Security Series Part 1: Mobile Internet & Zero Rating

Today we’re starting our latest tech blog series, this time about IT-Security related topics. We plan not to use any known vulnerabilities or flaws but instead we’ll present new discoveries made by our team. As well as this, we’ll be exploring areas which aren’t well documented or often talked about. With this in mind, this post will be focusing on the subject of Zero Rating.

Zero Rating refers to internet access being provided under certain conditions without financial cost. The conditions include only permitting access to certain websites or subsidising the service with advertising. Famous examples of this include Facebook Zero, Wikipedia Zero and Google Free Zone which are available as zero-rated services across the globe in several mobile networks.

To get started, you will need the following:

  • Prepaid SIM card
  • Android phone with root permissions
  • Wicap on your android phone
  • DNS Lookup on your android phone
  • Wireshark on your computer
  • A dedicated server on which you can run some scripts

When using a zero-rated service, you are not charged for this usage. The best way to check this is by using a traditional prepaid SIM card and checking its balance before and after using such a service. The easiest way to do so is by using USSD/MMI Codes to check your balance. (#100* for most mobile network operators)

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Once you find out that services like this exist, the first question you (as an infosec interested person) should ask yourself is: "Can I have everything for free and not just these few zero-rated websites?" Quick answer: "Yes, you can!" I began my research with a prepaid sim card in the o2 / Telefonica network. The first step was to use up any unnecessary phone credit and reduce the balance to zero.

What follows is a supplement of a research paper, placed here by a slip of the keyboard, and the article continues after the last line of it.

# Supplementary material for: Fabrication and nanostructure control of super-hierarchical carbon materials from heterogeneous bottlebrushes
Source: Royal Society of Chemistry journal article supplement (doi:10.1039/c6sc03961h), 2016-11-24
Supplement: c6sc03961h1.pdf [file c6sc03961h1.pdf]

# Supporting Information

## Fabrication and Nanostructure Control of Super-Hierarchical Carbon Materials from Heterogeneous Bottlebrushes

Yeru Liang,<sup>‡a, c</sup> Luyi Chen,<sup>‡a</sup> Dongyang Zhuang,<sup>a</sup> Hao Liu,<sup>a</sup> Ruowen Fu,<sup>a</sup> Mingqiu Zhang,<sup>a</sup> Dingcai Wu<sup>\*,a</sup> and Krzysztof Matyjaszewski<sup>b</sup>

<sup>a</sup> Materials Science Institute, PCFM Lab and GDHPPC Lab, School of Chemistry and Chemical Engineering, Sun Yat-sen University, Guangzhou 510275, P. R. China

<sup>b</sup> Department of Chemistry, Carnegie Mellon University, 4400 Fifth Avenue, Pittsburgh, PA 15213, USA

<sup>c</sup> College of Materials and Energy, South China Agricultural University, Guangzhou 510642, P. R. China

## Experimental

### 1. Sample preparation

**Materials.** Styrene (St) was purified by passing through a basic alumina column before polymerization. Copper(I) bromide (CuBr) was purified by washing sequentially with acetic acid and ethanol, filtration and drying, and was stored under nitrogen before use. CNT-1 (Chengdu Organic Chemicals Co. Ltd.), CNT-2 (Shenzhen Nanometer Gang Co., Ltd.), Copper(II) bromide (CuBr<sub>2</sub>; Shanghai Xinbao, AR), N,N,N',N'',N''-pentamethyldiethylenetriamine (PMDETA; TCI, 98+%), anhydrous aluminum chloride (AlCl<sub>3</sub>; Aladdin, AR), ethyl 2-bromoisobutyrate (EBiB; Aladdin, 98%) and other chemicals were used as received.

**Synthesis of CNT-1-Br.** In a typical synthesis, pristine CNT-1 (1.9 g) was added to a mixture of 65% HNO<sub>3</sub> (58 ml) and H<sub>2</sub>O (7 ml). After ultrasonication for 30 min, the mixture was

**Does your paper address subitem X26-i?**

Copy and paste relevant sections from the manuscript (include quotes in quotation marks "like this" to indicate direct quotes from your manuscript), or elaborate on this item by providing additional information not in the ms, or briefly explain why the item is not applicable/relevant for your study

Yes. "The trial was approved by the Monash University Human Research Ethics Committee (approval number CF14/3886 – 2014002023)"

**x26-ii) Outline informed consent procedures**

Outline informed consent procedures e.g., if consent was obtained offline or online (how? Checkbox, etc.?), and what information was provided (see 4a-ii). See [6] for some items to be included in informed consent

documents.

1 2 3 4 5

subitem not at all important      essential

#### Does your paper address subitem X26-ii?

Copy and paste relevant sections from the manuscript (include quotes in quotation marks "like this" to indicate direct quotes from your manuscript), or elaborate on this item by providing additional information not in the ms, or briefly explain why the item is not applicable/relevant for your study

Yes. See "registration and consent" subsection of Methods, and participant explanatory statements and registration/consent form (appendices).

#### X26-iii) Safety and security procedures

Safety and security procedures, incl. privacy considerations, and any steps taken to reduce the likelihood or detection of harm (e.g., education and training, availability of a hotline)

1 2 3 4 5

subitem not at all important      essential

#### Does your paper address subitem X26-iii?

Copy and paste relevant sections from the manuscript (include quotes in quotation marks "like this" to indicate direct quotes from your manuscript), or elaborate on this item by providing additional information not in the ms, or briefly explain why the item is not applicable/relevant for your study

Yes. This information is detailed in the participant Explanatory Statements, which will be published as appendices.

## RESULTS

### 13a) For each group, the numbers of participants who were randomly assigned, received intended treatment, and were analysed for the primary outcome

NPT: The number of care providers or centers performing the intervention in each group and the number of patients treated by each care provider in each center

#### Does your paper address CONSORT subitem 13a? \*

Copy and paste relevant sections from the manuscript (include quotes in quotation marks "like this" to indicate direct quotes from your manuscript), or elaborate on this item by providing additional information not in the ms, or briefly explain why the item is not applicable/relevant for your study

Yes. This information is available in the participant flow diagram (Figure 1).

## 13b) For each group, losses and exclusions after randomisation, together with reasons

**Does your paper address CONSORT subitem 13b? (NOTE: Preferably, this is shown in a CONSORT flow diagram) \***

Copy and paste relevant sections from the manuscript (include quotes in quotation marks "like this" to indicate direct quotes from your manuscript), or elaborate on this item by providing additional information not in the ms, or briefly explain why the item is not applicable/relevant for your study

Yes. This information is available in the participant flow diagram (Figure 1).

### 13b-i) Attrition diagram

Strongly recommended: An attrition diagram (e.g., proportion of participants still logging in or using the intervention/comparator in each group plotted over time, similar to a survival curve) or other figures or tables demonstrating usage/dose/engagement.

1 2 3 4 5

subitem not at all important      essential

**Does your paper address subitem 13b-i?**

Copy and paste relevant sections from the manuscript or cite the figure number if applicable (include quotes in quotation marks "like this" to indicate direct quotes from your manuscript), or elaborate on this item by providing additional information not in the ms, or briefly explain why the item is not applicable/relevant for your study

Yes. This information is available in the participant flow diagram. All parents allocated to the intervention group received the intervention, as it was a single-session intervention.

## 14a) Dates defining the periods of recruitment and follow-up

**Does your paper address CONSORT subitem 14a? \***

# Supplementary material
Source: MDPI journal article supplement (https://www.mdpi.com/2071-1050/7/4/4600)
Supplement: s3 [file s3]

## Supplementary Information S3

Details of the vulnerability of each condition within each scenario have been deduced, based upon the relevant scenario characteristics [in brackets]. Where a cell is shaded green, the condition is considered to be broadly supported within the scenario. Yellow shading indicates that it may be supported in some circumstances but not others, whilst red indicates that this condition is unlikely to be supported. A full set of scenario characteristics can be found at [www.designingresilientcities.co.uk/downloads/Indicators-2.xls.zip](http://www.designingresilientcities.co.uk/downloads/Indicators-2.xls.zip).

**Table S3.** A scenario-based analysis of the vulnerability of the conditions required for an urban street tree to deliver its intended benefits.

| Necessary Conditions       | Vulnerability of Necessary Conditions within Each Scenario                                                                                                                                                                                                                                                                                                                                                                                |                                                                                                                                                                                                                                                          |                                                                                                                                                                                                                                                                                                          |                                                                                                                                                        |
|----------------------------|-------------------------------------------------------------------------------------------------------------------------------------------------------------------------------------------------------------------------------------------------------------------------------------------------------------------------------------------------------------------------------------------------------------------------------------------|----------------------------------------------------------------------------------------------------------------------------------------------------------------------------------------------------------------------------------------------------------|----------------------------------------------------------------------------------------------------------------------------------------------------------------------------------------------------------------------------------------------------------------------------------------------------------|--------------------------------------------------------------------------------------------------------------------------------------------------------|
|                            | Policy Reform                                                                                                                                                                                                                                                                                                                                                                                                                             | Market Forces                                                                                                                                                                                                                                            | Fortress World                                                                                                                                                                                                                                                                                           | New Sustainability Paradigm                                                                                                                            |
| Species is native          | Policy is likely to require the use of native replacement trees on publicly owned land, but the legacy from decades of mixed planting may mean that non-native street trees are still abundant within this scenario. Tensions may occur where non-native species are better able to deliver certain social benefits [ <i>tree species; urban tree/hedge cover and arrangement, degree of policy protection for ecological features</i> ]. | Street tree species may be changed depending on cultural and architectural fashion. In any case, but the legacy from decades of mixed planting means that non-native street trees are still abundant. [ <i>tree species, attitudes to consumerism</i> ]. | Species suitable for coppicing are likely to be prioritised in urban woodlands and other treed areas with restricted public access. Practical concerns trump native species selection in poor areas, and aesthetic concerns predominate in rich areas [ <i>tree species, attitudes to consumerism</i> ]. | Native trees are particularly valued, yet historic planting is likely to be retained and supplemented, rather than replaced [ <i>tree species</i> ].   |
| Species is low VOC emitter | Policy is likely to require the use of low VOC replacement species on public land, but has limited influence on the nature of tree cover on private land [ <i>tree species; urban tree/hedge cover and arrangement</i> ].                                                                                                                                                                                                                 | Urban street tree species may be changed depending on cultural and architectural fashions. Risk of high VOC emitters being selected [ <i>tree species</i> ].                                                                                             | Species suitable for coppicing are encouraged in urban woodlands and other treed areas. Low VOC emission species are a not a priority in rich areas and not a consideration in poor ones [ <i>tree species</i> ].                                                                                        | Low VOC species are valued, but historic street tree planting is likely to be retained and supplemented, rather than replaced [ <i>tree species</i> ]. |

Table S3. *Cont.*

The next step was to identify possible zero rated services. Before Telefonica / o2 acquired E-Plus in Germany, Facebook Zero was reachable via the SIM card I'm using. This is no longer the case and any request to a valid domain now returns a response from my provider that my current balance isn't enough to browse the internet. This returned page has to be zero rated so this made the search for a zero rated service easy!

Next we should check what the traffic looks like when trying to access a page we don't have access to, and what it looks like when it redirects to the zero-rated page. We'll take thingforward.io as example URL. To sniff the traffic, I have used a rooted Galaxy S9 and wicap as sniffer software.

The following steps were executed to achieve the traffic log file:

  1. Start Wicap with root permissions on the phone and press start in the upper right of the screen
  2. Open your web browser and go to thingforward.io
  3. Wait for the redirection to complete and stop sniffing in Wicap
  4. Save the data as .pcap file to analyse it on a computer for the sake of better readability (Swipe from the right corner to the left to show saving options)
  5. Transfer to your computer and open the .pcap file in Wireshark

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Once transferred and opened in Wireshark, we have a cleaner look at what’s happening:

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Packet 41 (at the top in the image) is the DNS request going out to resolve the IP of our requested domain thingforward.io

Packet 42 shows us that it resolved the correct IP address and then tries to establish a TCP connection. It looks like it would resolve the data from the correct IP address of our ThingForward server, as it would when we have normal internet access.